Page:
Politicians and U.S. companies have long agreed that the U.S. has a shortage of workers skilled in science, math and engineering. But what they can't always agree on is how to get students -- especially minorities -- to choose those particular career paths.
Educators and politicians might want to study a Manos program started by the employees of the Sandia National Laboratories in Albuquerque. The hands-on program, which focuses on Hispanic middle school students, encourages kids to pursue a math or science education.
Focusing on middle school students who will eventually attend Rio Grande High School, the four-week program is an effort to reduce dropout rates and improve test scores. Sandia's Hispanic Leadership Outreach Committee launched Manos 23 years ago, and while it's difficult to track the success, the program is delivering results.
At least three alumni of Manos work at Sandia after earning doctorate degrees. Organizers said there are countless other alumni who work outside the Albuquerque community in the science and technology field.
"One of the things we try to drive home during the lessons is the importance of bridging high school to college or the university," said Javier Ruiz, a business program lead who assists with the Manos program. "We try to portray the message that the next step after high school is the university or college in order to have a career in some of the cool stuff we've been doing in this program."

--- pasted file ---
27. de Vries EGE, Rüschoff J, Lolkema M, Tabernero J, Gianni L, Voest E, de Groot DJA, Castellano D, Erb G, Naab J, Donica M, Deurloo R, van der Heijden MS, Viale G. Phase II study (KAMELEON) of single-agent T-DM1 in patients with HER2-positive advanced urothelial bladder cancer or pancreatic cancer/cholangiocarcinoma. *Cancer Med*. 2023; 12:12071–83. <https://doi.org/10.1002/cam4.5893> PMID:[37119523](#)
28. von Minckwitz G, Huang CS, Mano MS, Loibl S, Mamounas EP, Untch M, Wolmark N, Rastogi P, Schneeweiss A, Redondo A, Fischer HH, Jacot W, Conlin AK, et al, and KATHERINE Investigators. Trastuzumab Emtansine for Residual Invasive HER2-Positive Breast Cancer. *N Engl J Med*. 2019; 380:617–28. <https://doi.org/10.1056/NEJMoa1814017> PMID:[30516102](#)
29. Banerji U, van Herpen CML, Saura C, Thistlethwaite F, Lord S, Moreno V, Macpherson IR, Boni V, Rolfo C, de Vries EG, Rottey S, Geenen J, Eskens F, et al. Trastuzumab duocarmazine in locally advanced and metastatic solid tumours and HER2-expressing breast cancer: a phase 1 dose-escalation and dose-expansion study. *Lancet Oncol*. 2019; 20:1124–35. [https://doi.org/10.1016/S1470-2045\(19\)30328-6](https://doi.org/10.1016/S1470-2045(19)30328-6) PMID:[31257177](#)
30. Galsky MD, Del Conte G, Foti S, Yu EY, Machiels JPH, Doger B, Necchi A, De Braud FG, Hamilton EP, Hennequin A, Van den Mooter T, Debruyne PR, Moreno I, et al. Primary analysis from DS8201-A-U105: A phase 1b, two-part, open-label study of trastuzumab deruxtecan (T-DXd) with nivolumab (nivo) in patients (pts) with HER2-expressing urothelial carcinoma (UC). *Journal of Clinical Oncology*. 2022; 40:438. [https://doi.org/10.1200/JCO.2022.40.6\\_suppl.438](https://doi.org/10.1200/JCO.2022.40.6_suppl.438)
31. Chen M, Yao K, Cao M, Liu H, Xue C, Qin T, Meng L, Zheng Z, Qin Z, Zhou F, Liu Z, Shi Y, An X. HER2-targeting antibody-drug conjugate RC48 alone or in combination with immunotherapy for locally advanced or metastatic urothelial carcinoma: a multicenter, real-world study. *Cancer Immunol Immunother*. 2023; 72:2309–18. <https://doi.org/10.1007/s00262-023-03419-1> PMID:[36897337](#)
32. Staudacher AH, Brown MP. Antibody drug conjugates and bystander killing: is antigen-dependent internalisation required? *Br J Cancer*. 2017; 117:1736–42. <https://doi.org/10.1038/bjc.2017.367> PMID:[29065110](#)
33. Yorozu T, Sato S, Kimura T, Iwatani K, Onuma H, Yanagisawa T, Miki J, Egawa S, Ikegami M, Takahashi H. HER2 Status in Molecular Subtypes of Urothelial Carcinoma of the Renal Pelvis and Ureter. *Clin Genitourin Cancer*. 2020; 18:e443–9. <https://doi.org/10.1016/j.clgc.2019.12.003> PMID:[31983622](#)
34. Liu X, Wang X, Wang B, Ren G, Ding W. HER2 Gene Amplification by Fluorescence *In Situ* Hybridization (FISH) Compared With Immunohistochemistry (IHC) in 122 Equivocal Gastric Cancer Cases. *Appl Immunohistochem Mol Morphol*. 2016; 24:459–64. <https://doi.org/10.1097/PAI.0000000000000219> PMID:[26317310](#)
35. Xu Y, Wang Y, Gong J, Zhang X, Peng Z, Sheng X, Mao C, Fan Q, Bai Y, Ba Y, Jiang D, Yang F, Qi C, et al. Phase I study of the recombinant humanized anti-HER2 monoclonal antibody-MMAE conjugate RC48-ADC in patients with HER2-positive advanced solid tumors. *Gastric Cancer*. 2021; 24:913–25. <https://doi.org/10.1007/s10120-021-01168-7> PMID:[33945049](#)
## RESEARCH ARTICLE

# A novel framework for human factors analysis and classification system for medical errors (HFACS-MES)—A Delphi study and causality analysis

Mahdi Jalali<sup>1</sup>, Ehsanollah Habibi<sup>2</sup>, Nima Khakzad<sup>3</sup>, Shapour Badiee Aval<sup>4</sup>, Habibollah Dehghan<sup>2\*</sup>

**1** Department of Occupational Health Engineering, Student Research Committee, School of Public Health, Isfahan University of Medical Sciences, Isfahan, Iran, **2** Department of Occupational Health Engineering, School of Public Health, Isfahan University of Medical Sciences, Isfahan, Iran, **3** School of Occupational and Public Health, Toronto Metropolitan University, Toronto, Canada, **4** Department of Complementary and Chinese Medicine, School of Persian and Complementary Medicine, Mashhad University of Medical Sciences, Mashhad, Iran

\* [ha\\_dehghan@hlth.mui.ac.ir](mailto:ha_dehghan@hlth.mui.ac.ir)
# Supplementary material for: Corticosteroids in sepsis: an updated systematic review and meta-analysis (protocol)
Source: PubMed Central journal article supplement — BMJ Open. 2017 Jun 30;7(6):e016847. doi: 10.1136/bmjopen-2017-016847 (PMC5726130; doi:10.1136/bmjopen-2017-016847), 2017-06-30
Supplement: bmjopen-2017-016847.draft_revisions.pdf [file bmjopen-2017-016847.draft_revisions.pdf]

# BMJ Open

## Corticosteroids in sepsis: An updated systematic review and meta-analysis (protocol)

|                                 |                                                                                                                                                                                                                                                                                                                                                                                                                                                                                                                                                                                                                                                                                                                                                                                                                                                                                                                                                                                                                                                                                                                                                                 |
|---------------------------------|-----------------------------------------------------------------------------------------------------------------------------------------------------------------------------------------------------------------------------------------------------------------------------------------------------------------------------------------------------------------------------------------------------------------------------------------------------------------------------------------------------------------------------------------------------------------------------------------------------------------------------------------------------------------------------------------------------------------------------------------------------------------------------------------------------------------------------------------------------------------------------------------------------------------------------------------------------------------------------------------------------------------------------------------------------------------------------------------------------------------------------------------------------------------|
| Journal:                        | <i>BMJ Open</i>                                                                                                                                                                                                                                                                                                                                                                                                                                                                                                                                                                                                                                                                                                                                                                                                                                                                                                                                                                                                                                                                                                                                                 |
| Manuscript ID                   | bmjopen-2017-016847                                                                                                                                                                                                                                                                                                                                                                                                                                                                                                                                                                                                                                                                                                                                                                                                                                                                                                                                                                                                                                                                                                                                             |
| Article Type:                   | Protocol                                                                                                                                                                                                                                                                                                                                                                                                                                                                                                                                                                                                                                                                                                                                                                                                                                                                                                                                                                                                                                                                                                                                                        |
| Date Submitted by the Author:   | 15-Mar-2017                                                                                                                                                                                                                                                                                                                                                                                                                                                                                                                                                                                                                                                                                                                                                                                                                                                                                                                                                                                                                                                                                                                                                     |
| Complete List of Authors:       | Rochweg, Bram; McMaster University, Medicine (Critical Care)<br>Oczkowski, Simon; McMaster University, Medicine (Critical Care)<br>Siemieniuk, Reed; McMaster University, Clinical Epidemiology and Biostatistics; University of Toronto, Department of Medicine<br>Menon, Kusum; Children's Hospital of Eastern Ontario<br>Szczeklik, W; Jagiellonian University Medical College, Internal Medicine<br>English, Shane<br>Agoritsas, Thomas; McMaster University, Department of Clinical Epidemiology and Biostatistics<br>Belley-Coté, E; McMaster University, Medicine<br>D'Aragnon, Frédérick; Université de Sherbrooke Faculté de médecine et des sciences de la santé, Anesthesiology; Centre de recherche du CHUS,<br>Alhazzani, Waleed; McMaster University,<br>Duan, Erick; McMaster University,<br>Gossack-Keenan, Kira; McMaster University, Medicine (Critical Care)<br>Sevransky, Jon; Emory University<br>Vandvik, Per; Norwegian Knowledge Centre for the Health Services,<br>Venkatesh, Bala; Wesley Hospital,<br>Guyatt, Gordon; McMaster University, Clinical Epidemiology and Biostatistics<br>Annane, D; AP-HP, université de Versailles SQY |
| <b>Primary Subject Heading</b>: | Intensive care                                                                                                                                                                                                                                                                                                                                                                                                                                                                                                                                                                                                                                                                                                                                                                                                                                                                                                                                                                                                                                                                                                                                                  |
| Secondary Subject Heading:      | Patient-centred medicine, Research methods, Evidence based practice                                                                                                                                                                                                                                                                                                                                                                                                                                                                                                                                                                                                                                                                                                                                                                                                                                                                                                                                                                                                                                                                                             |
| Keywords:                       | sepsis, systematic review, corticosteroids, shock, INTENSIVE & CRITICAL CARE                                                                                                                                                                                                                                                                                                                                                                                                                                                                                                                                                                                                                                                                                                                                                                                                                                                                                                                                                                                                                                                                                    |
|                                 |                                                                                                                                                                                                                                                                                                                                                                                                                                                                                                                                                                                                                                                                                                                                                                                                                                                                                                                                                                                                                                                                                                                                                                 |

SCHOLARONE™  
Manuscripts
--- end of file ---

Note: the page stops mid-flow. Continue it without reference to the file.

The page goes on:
Offering a fun and hands-on approach to math and science is why the program has been so successful over the years, organizers said. About 130 students participated this past April, with more than 3,000 kids going through Manos since it began in 1990.
Among the experiments the students took part in was a "CSI Investigation" where they had to locate a missing dog by dissecting hair follicles and testing cloth by burning it to see what kind of person might have taken the animal or removed it. Students also built rockets and flew them, designed and built rollercoasters and even created a bridge to see how much weight it can hold.
Miquelita Carrion, program coordinator for Manos, said fun activities such as building their own Web pages keep the students engaged.
"The students are programming the electronic car they actually built themselves," she said. "Our volunteers teach them about safety, such as how to use a soldering iron."
About 60 volunteers assist with the program. It's the job of Carrion and Ruiz, as well as HLOC leader Pat Sena, to help coordinate the staff and various modules. The Manos program takes place after school twice a week for two-hour sessions.
"We bus the students from their middle school to the high school because we want that sense of community and to feel connected to the high school, because ultimately that's where they'll be attending," Carrion said.
Manos also increases awareness about the Sandia National Laboratories among the students and parents. The lab is run for the U.S. Department of Energy by Lockheed Martin Co. and handles research and design responsibilities for national security, energy and environmental technologies.
"This is their community, and many don't know what Sandia is about, so we provide them an education on that," Carrion said. "At the very end of the student programs...we let them know what they need to do to apply for an internship here."
The concept could be applied elsewhere around the country, although most communities don't have the scientific resources of the Sandia National Laboratories. But beyond a fun introduction to math and science, Carrion said, the Manos program provides the students with mentors.
"They can see somebody in the classroom is just like them and they can do it too," Carrion said. "That can be just as important as what they learn."
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